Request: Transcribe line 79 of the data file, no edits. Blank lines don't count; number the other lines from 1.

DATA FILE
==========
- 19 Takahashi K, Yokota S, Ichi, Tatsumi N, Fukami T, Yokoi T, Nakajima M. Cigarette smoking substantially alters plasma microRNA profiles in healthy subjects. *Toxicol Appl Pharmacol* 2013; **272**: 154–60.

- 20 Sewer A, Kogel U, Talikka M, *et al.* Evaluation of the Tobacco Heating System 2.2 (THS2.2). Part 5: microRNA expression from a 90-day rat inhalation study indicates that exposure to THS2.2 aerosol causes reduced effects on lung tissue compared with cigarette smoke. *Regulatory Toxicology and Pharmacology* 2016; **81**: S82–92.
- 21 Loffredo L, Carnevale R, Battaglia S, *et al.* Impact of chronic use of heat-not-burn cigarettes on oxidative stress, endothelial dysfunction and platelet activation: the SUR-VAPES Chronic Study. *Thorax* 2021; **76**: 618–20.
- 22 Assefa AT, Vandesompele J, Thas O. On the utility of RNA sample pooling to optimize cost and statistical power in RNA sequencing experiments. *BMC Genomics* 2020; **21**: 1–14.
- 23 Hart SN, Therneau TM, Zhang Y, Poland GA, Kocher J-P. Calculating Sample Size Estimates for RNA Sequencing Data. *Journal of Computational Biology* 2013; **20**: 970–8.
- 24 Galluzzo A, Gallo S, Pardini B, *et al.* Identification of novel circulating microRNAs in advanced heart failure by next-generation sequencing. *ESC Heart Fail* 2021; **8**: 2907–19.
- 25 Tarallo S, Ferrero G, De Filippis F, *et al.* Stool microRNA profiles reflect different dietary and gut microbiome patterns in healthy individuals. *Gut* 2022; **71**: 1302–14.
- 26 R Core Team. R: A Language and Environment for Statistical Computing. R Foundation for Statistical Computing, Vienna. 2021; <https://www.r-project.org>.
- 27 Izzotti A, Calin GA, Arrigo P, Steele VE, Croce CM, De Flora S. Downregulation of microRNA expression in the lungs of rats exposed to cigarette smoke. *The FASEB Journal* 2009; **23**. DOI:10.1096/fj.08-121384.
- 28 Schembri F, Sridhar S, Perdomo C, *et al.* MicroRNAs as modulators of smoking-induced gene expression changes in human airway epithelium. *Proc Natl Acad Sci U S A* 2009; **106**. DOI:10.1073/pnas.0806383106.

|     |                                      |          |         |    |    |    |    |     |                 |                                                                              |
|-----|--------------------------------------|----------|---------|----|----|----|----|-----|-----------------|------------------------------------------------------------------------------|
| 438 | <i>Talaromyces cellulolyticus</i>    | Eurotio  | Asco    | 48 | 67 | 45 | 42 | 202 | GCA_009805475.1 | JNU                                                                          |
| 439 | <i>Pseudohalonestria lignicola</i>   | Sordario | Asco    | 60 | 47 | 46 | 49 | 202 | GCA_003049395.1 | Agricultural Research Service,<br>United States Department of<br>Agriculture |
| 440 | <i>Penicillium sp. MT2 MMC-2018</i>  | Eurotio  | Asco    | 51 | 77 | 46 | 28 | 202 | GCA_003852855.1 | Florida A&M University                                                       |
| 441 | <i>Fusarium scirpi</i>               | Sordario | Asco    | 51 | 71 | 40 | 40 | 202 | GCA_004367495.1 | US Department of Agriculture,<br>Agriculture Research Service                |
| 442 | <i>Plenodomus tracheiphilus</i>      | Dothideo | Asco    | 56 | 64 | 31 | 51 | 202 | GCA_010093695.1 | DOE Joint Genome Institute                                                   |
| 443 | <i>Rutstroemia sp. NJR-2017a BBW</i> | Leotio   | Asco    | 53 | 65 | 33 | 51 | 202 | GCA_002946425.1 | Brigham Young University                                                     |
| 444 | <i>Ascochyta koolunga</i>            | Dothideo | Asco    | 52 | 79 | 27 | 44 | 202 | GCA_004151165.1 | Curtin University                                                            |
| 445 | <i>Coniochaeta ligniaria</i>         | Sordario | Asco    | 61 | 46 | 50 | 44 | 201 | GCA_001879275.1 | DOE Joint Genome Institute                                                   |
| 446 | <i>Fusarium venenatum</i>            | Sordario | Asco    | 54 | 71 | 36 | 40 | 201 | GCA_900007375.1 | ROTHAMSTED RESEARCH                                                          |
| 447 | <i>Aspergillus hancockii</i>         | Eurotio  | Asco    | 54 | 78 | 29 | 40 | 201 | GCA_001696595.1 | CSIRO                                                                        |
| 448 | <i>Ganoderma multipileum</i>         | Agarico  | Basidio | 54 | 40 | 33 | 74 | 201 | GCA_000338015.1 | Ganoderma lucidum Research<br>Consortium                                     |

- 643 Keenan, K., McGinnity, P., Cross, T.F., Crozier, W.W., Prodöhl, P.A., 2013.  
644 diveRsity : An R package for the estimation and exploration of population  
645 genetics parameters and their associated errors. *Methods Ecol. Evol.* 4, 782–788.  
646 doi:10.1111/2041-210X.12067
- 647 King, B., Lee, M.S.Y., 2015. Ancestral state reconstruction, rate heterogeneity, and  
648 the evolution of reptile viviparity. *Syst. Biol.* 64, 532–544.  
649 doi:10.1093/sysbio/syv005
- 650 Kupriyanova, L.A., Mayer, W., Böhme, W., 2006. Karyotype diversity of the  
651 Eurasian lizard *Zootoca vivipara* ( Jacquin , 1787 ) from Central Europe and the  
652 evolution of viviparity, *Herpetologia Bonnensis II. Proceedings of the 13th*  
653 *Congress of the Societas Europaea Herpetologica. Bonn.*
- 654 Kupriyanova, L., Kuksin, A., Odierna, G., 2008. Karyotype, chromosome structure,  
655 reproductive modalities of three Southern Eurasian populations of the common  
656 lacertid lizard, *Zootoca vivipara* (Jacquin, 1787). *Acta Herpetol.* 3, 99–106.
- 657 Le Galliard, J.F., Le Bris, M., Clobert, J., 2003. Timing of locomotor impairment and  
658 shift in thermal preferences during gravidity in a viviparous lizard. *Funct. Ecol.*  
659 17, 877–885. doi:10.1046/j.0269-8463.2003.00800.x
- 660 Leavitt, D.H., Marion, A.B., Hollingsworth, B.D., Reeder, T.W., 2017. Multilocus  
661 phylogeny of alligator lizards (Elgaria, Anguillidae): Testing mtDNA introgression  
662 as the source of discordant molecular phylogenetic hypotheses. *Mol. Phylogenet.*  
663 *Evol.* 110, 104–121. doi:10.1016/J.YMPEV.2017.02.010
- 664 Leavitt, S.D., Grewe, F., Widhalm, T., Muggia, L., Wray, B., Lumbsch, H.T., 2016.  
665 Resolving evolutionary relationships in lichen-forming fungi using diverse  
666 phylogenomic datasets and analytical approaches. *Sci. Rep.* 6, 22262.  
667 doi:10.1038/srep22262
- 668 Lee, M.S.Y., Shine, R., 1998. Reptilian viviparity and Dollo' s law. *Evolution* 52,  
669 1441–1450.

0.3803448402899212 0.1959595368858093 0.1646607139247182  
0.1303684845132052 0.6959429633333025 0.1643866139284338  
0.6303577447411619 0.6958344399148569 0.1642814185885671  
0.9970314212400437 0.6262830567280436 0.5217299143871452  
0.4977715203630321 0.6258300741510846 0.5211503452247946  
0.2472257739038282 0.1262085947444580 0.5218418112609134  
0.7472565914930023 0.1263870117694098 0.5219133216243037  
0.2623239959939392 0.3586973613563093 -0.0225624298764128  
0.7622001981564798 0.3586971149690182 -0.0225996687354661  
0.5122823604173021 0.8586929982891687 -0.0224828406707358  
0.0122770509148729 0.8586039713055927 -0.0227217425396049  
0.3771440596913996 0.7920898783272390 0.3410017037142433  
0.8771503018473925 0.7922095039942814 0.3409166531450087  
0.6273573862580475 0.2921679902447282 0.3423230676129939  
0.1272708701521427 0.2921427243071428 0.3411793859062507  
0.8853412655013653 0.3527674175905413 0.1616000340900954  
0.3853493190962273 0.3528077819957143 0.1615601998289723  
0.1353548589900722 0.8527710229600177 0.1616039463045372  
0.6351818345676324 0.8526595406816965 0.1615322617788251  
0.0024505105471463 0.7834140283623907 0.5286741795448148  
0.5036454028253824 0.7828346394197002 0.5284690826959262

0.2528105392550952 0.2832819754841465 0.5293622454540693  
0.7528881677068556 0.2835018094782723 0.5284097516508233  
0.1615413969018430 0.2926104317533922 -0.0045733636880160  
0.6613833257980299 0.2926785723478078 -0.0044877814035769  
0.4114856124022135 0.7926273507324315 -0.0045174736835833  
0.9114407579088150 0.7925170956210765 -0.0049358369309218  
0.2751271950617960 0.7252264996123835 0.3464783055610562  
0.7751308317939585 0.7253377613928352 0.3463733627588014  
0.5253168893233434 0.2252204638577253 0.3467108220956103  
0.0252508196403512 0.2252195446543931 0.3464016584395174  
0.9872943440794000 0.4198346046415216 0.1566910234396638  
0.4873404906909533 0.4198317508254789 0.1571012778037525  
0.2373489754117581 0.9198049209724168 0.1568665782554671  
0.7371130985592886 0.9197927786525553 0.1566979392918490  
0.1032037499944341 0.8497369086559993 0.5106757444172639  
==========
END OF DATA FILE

0.7751308317939585 0.7253377613928352 0.3463733627588014  